14 KINDERGARTEN SECOND GRADE Content Strands Gross Motor Skills Development (GM) (FM) Social Skills (S) Cognitive Development (C) Fitness (F) Fine Motor Skills Development Personal Skills (P) Lifelong Learning/Participation (L) Adapted Physical Education (AP) * See glossary 1. Demonstrate competency in motor skills and movement patterns/concepts needed to perform a variety of physical activities (GM, FM, F) KINDERGARTEN Develop fundamental locomotor*/non-locomotor*skills at an introductory level. Students should follow specific instructions while performing basic activities, such as jumping with feet together from point A to point B. 5 Demonstrate clear contrasts between fast and slow. Explore manipulative skills at an introductory level. Demonstrate rhythmic movements, timing, and following a beat at an introductory level. Teachers may instruct students to mimic running speed of known animals (i.e., turtle, rabbit, and cheetah). Students should use a variety of *locomotor skills (i.e., jumping, galloping, and walking). Students should locate body parts and identify which skill would be performed with each (i.e., have students bounce and catch a ball with both hands). Have students roll a ball back and forth with a partner or kick a sock ball. Have students demonstrate a variety of locomotor movements to slow and fast music. 14 5,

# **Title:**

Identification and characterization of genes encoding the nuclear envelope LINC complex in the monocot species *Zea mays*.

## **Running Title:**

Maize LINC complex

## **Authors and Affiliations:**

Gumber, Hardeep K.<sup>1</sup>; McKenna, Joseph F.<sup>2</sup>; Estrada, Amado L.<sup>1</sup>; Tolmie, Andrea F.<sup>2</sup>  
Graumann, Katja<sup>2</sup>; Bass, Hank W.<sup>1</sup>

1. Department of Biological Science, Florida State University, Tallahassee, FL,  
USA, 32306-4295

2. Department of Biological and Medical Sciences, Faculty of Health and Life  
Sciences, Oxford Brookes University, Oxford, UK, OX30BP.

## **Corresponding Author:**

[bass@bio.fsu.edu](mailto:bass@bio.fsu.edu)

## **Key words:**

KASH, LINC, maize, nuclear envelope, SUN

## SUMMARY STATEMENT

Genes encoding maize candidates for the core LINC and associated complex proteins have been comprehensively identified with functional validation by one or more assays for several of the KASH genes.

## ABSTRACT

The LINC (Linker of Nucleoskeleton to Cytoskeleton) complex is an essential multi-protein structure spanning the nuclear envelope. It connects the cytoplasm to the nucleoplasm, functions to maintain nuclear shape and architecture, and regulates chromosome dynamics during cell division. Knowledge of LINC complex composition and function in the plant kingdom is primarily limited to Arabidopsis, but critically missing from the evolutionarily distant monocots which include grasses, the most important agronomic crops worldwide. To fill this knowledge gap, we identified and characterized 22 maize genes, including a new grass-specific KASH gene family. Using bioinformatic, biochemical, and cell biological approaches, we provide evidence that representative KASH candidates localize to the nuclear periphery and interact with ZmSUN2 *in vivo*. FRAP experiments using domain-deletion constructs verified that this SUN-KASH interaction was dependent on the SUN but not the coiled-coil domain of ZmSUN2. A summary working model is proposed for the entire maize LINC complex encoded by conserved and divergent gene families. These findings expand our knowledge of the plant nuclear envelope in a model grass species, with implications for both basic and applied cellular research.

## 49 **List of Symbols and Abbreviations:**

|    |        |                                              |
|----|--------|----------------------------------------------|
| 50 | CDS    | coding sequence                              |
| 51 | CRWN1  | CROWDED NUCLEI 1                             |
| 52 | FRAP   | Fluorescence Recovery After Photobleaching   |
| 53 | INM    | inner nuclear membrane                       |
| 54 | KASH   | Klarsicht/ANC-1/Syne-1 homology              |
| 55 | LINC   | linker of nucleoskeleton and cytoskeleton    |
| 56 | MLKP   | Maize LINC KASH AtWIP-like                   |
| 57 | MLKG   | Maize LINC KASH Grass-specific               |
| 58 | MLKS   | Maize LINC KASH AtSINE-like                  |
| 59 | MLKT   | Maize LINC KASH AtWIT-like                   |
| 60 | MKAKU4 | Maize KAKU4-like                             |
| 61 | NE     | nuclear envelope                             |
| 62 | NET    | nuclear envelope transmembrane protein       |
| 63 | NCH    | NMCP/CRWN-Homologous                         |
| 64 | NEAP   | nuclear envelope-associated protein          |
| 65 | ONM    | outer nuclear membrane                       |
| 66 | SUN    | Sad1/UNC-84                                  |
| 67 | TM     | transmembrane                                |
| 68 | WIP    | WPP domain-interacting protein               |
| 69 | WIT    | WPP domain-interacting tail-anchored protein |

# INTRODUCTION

15 GRADE ONE Develop fundamental locomotor*and nonlocomotor*skills at the basic level. Develop manipulative* skills at the introductory level. Have students walk, run, jump, hop, skip, gallop, slide and leap around the designated play area as directed. Some skills can be performed forward and backward or side to side. Have students demonstrate throwing in an underhand and overhand movement pattern while stepping with the opposite foot. 11 8, 11 GRADE TWO Demonstrate locomotor* movements at the intermediate level. Demonstrate non-locomotor* movements with proficiency. Demonstrate manipulative* movements at the beginner level. Demonstrate rhythmic movements, timing, and following a beat. Teachers can have students participate in activities that include changes in the speed of movement, and direction. Students will demonstrate these commands with verbal cues from the teachers such as relay races and/or obstacle courses. Teacher will lead the class in a sequence of stretching exercises as a warm-up that can lead into an aerobic* or anaerobic* type activity Give students instruction on basic steps to jumping rope. Guide students into jumping rope at a fast pace, slow pace, and while in a forward motion. Have students participate in basketball drills-shooting and dribbling, hula-hoop activities, and volleyball activities. 5,